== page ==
Use of efficient building installations (enhancing efficiency of energy use) such as boilers and overall heating systems, kitchen appliances, energy efficient lighting, water efficient sanitaryware, appropriate natural ventilation. Again, these are quite simple measures that can be introduced gradually by the users), yet these make a significant difference (e.g. replacing elements such as light bulbs for more efficiency without the need to replace the whole installation).
Energy harvesting and production; these are active measures and the costliest and often most complex ones to implement. For existing housing these can be less applicable. Some measures are easier than others, e.g. installation of photovoltaic panels or simple versions of rainwater harvesting. Others, such as geothermal heat exchange pumps, wind turbines or CHP installation might not be the right option or could bring insufficient sustainability benefits to offset the impact of their production, delivery, installation and maintenance.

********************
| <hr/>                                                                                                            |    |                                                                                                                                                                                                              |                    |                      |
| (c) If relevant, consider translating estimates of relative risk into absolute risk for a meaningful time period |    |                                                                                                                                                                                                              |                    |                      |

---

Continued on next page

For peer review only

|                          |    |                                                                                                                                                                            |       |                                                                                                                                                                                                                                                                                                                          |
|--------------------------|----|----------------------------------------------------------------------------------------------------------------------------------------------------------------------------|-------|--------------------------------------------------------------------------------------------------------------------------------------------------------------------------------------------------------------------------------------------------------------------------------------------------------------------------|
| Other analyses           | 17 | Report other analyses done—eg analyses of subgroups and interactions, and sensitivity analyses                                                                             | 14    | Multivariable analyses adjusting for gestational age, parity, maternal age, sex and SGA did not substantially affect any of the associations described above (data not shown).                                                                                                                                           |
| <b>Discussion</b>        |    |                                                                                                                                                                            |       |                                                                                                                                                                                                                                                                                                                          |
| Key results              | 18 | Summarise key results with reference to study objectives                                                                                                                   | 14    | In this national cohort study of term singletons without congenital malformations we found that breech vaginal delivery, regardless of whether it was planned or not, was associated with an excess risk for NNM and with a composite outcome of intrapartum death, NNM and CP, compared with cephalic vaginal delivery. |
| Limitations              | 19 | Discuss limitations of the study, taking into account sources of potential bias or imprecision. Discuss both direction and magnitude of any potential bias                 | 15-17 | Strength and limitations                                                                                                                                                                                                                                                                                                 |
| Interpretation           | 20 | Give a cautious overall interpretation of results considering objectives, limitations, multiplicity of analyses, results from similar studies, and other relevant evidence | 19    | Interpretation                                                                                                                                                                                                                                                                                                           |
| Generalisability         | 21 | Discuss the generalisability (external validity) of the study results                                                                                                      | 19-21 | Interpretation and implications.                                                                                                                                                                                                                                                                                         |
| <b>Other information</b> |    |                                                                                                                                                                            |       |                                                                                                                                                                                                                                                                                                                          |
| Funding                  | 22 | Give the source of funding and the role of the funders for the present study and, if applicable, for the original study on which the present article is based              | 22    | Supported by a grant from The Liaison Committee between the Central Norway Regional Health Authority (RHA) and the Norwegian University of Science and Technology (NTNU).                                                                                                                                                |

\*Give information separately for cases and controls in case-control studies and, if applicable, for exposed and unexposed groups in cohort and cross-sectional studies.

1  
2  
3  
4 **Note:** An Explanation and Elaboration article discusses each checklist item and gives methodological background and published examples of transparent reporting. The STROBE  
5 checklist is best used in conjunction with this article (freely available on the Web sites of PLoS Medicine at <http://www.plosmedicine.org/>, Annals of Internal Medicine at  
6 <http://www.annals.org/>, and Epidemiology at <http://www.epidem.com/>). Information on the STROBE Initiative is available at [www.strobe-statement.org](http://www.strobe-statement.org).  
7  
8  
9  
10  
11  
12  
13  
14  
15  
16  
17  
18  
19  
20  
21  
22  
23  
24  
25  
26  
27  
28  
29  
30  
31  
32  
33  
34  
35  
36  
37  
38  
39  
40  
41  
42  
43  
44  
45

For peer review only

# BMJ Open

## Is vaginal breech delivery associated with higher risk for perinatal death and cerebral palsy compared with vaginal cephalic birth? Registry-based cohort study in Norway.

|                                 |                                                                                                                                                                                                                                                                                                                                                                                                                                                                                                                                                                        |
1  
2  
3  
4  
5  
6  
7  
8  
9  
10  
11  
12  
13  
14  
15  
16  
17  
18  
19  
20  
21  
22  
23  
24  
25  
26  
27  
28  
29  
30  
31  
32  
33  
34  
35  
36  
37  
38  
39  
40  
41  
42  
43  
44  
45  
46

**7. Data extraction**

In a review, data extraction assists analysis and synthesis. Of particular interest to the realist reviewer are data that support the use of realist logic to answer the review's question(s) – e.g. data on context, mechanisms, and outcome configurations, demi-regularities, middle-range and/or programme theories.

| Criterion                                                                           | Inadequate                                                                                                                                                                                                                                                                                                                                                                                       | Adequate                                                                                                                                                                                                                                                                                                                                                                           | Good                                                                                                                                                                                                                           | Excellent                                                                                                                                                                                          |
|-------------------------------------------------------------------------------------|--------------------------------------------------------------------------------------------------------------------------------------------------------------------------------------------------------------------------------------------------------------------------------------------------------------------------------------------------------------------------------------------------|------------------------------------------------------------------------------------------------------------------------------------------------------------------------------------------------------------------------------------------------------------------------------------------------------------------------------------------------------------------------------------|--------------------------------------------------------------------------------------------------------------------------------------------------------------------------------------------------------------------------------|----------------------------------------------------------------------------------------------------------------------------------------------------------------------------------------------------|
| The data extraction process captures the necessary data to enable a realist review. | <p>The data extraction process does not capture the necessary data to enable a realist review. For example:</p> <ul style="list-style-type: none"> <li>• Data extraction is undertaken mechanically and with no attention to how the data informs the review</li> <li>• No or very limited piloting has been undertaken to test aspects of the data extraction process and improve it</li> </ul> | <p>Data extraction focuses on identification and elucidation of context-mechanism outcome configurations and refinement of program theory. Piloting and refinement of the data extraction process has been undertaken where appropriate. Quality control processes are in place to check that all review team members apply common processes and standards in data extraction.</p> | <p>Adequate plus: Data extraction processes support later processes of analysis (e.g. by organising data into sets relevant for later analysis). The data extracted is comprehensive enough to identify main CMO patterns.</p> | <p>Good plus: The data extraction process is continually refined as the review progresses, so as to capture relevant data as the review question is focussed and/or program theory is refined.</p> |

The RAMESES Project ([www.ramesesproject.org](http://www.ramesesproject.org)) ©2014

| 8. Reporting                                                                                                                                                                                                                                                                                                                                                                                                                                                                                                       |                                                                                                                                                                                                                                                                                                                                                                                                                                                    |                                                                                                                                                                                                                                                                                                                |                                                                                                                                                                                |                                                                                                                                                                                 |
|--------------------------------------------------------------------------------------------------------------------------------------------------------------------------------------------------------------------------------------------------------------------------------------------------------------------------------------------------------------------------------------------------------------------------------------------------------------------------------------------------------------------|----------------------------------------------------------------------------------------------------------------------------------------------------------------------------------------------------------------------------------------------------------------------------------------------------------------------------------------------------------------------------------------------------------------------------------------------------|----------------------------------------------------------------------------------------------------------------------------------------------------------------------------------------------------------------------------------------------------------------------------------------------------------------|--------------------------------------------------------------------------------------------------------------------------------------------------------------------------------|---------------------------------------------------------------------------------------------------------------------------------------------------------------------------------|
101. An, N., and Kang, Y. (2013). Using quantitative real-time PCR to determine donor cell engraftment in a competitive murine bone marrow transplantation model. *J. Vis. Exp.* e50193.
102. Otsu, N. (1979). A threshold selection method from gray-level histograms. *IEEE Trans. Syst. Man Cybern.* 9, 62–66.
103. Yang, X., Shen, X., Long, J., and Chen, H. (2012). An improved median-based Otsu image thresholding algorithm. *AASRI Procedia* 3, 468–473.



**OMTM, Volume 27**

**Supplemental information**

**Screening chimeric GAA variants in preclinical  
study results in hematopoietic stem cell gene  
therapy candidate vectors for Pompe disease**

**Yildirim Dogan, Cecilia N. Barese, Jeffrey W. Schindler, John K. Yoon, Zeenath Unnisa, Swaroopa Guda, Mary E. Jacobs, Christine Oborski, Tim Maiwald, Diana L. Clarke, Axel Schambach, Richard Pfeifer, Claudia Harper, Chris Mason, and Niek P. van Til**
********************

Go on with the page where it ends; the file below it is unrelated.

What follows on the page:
How we behave and use the properties and provisions as end users. I would argue that this is the most critical one, if people don’t see the value in making a change, none of the above will be implemented. The point is to make sure the recommendations are respected not only when policed, but above all from one’s own desire and in accordance with our conscience as being the right thing to do. This needs to be a continuous process, sustainable in its own right and at the top of the agenda on a permanent basis. www.shh.co.uk
Joanna Clarke, Active Building Centre
The first question we need to ask is what do we mean by decarbonise? Applied to buildings, it means reducing the emissions from energy used through operation as well as the embodied carbon of their structure, materials and technologies.